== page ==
Systemic fungal diseases (Proceedings)
The fungal organisms most commonly associated with systemic disease are Blastomyces dermatitidis, Histoplasma capsulatum, Coccidioides immitis and cryptococcosis.
The fungal organisms most commonly associated with systemic disease are Blastomyces dermatitidis, Histoplasma capsulatum, Coccidioides immitis and cryptococcosis.
Blastomycosis refers to the systemic disease caused by Blastomyces dermatitidis. Blastomycosis is most common in North America along the larger river valleys (Mississippi, Ohio, Missouri) and east coast (mid-Atlantic states) into Canada. This is a dimorphic fungus that exists in the environment in a saprophytic mycelial form. Acidic, sandy soil near water is believed to be the most common source of exposure. The mycelial form reproduces sexually in the environment producing infective spores.
Disease is much more common in the dog than the cat. There is no sex, age or breed predilection in the cat. In the dog being male, younger, large breed, or a sporting breed may be risk factors. The disease does have a seasonal occurrence in some, but not all, regions. These spores are inhaled and become yeasts within the body. These yeasts are then disseminated via vascular or lymphatic routes. More common sites of infection include the lungs, skin, eyes, lymph nodes, bone, brain, and testes. Common clinical signs include fever, anorexia, weight loss, dyspnea, cutaneous nodules, draining tracts, lameness, and ocular lesions.
Bloodwork may reveal a mild normocytic normochromic anemia, moderate luekocytosis, hyperglobulinemia, and hypoalbuminemia due to chronic inflammation and infection. Hypercalcemia is also sometimes seen due to a PTH-independent increase in 1,25 - dihydroxyvitamin D.
Radiographic findings within the thorax include tracheobronchial lymphadenopathy and diffuse nodular interstitial or bronchointerstitial changes. Mass like lesions and effusion are less common. Radiographic changes in bone include osteolysis, periosteal proliferation and soft tissue swelling.
Diagnosis is typically made by identification of the yeast in tissues cytologically (most commonly) or histologically. Cytology is typically done on lymph node or cutaneous aspirates but vitreal taps, bronchial washes, lung aspirates, urinalysis, and csf can be evaluated for organisms. The yeast is ovoid, 5 to 20 µm, single or budding, with a thick refractile wall. Histopatholgy, on tissues suspicious of infection, is performed when cytology is not possible or diagnostic and reveals organisms as well as granulomatous or pyogranulomatous inflammation. Antibody detection via serology is not typically performed. With acute infections dogs may not have detectable titers and, although it appears uncommon, dogs without clinical disease may have antibody titers. There is a blastomyces antigen enzyme immunoassay available for dogs that detects cell wall galactomannan in serum, urine and csf. Unfortunately there is cross reactivity in dogs with blastomycosis and histoplasmosis. In humans there is cross reactivity between histoplasmosis, coccidiomycosis, paracoccidiomycosis, and penicillosis. Utilizing this immunoassay, antigen levels can also be followed during treatment. PCR has been performed on histologic samples but is not as readily available. Culture can be performed but is not typically necessary or recommended.
Itraconazole is used most commonly to treat this disease in dogs and cats. Amphotericin B was utilized historically but itraconazole appears as effective with fewer side effects and less expense. Amphotericin B is recommended when there is severe clinical disease and evidence of CNS involvement. Voriconazole and fluconazole can be used with CNS and ocular involvement. Fluconazole is also recommended when there is urinary tract involvement because of its excretion into urine. Treatment is for a minimum of 90 days and 30 days past resolution of signs. Glucocorticoids have been used short term in severe respiratory infections and when airway obstruction secondary to tracheobronchial lymphadenopathy occurs.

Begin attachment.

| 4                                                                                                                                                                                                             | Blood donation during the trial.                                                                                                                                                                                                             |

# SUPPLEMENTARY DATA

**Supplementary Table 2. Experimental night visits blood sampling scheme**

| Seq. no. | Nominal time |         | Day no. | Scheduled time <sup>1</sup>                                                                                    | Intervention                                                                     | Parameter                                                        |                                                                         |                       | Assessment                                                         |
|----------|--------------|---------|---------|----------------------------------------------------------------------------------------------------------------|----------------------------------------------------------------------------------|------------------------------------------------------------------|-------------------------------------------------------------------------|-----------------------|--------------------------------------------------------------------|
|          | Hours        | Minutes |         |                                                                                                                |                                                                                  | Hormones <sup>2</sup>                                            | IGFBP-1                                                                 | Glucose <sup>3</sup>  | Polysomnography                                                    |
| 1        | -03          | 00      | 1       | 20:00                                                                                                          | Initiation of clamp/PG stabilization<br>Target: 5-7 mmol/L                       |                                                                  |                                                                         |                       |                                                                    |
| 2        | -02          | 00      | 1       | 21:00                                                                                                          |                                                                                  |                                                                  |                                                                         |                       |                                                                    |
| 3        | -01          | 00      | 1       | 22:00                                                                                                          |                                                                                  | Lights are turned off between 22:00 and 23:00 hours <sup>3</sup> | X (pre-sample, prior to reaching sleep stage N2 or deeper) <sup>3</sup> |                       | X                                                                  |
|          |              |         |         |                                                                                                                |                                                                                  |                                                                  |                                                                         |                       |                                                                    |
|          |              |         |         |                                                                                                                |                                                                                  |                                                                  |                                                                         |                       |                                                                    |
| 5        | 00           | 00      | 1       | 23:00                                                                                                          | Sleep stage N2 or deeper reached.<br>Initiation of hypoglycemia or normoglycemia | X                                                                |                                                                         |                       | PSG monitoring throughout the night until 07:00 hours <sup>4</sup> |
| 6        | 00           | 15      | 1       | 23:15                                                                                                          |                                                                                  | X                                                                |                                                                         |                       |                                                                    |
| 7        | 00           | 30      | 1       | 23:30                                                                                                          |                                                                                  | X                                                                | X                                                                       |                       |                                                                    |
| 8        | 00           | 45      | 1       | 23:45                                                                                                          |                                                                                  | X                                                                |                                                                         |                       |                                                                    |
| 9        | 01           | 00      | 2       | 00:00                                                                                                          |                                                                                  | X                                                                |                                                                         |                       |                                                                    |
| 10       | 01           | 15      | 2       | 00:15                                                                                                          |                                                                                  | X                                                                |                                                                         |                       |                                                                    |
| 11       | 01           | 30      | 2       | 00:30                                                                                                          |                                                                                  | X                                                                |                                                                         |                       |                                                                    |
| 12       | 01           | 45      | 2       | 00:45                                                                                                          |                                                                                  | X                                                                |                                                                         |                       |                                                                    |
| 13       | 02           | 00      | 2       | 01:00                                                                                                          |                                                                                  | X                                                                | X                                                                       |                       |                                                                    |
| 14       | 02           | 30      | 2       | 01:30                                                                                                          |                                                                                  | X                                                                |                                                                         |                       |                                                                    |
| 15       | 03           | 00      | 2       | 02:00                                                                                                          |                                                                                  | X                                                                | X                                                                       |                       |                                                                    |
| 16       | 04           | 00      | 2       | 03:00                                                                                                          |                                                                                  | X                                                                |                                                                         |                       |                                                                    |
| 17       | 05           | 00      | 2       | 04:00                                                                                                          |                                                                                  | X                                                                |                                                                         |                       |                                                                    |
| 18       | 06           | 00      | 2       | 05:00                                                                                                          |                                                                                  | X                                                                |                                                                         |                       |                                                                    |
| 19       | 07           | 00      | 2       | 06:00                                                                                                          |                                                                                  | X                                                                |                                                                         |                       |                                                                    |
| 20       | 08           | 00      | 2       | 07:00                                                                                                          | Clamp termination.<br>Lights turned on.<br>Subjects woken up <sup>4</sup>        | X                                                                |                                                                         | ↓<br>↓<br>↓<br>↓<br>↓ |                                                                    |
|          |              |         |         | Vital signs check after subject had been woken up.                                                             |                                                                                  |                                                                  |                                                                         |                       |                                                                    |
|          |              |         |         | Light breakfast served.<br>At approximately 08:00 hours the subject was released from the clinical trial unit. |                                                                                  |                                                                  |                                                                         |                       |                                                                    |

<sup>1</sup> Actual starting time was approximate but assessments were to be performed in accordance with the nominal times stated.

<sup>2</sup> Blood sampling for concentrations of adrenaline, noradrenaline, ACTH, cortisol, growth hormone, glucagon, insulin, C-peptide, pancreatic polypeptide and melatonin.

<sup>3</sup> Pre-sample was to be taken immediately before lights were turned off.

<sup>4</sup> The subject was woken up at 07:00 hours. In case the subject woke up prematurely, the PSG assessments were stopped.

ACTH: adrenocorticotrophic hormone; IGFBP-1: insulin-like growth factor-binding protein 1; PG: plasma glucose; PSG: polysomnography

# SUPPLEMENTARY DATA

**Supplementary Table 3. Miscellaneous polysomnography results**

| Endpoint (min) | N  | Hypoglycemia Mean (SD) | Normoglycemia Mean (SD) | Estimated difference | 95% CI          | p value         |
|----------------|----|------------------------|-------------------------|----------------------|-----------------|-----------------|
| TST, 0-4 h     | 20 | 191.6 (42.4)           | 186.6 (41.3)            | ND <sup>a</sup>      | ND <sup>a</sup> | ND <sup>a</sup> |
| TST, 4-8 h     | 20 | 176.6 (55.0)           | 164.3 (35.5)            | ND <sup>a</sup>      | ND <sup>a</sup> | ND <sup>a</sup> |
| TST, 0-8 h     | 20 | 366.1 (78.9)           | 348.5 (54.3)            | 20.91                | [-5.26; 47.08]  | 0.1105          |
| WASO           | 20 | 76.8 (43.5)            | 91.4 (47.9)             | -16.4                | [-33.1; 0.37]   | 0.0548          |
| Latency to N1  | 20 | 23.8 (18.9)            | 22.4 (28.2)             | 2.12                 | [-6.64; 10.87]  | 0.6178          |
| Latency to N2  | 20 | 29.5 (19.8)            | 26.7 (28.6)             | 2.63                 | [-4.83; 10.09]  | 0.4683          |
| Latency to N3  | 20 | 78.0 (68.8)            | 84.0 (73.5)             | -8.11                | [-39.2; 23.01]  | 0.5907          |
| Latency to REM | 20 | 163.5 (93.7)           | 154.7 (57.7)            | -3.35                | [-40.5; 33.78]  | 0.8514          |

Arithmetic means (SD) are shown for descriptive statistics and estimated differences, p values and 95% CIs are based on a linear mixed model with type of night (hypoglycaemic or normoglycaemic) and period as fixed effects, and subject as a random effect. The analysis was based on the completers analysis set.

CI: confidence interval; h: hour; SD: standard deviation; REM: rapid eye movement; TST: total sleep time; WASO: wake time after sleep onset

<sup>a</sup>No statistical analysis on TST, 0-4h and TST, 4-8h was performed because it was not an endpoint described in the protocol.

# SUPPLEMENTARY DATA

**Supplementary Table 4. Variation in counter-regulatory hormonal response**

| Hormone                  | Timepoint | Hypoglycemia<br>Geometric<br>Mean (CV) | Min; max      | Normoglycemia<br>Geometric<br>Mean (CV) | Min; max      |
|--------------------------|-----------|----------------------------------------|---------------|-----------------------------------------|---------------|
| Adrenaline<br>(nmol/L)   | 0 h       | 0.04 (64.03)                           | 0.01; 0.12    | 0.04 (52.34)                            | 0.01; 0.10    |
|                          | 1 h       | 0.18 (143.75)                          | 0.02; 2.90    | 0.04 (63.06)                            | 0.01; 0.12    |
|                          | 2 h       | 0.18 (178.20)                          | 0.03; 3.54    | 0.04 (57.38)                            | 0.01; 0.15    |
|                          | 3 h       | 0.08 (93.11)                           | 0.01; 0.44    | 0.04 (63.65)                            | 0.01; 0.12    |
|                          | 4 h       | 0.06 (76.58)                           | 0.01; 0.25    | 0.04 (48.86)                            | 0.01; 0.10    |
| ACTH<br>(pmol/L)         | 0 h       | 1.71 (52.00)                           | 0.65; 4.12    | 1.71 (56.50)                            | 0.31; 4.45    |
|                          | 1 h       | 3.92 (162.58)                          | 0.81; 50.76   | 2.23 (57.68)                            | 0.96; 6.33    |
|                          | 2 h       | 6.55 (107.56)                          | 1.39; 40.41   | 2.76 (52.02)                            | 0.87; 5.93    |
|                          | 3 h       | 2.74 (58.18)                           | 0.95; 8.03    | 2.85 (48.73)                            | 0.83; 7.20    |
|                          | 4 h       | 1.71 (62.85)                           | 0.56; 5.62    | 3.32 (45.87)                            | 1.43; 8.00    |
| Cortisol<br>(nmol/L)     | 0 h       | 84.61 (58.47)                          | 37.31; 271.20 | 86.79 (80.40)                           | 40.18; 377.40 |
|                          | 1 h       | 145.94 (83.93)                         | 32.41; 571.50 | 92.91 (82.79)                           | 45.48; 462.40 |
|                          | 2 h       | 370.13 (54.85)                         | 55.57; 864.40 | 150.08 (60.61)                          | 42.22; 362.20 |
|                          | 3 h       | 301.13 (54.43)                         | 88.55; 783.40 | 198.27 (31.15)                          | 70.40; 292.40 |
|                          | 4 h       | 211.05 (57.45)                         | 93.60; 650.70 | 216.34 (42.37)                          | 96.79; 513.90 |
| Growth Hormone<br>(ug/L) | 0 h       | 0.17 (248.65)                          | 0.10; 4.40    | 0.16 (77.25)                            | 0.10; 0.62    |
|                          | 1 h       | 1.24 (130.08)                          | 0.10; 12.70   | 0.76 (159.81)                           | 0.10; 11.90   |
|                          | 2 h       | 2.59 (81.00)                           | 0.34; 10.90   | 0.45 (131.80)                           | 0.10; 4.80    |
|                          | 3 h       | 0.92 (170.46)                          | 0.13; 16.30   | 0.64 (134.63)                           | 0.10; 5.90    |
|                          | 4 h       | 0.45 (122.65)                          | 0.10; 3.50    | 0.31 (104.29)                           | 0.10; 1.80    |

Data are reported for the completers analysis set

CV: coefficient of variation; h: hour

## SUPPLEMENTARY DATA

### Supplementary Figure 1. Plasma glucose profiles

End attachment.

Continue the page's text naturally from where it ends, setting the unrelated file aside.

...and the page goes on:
Most dogs treated effectively recover from infection. Recurrence (not reinfection) can occur in some animals. CNS involvement or severe pulmonary infection carries a higher mortality rate. If there is ocular involvement, vision may be lost and, in fact, the eye may remain infected. For this reason, enucleation of non-visual eyes is recommended.
Histoplasmosis refers to the systemic disease caused by Histoplasma capsulatum. Histoplasmosis is found throughout the world. Histoplasma capsulatum has been identified in the soil of 31 states in the United States. Clinical disease is most common in the river valleys (as described above). This is a dimorphic fungus that exists in the environment in a saprophytic mycelial form. Warm, humid environments with nitrogen-rich soil are most conducive to fungal growth. The mycelial form reproduces sexually resulting in infective spores.
Disease occurs in dogs and cats. Cats tend to be younger and female. Dogs also tend to be younger and sporting breeds may be at increased risk. The disease does have a seasonal occurrence in some, but not all, regions. Infective spores are inhaled, transformed into yeasts and then disseminated via vascular or lymphatic routes. Because some animals only have involvement of the GI tract it has been suggested that the GI tract may also be a site of initial infection. More common sites of infection include the lungs, GI tract, lymph nodes, liver, and spleen. Less common is involvement of the eyes, skin, bones, and CNS. Common clinical findings include fever, anorexia, weight loss, pale mucous membranes, dyspnea, cough (dog > cat), lymphadenopathy (cat > dog), and hepatosplenomegaly.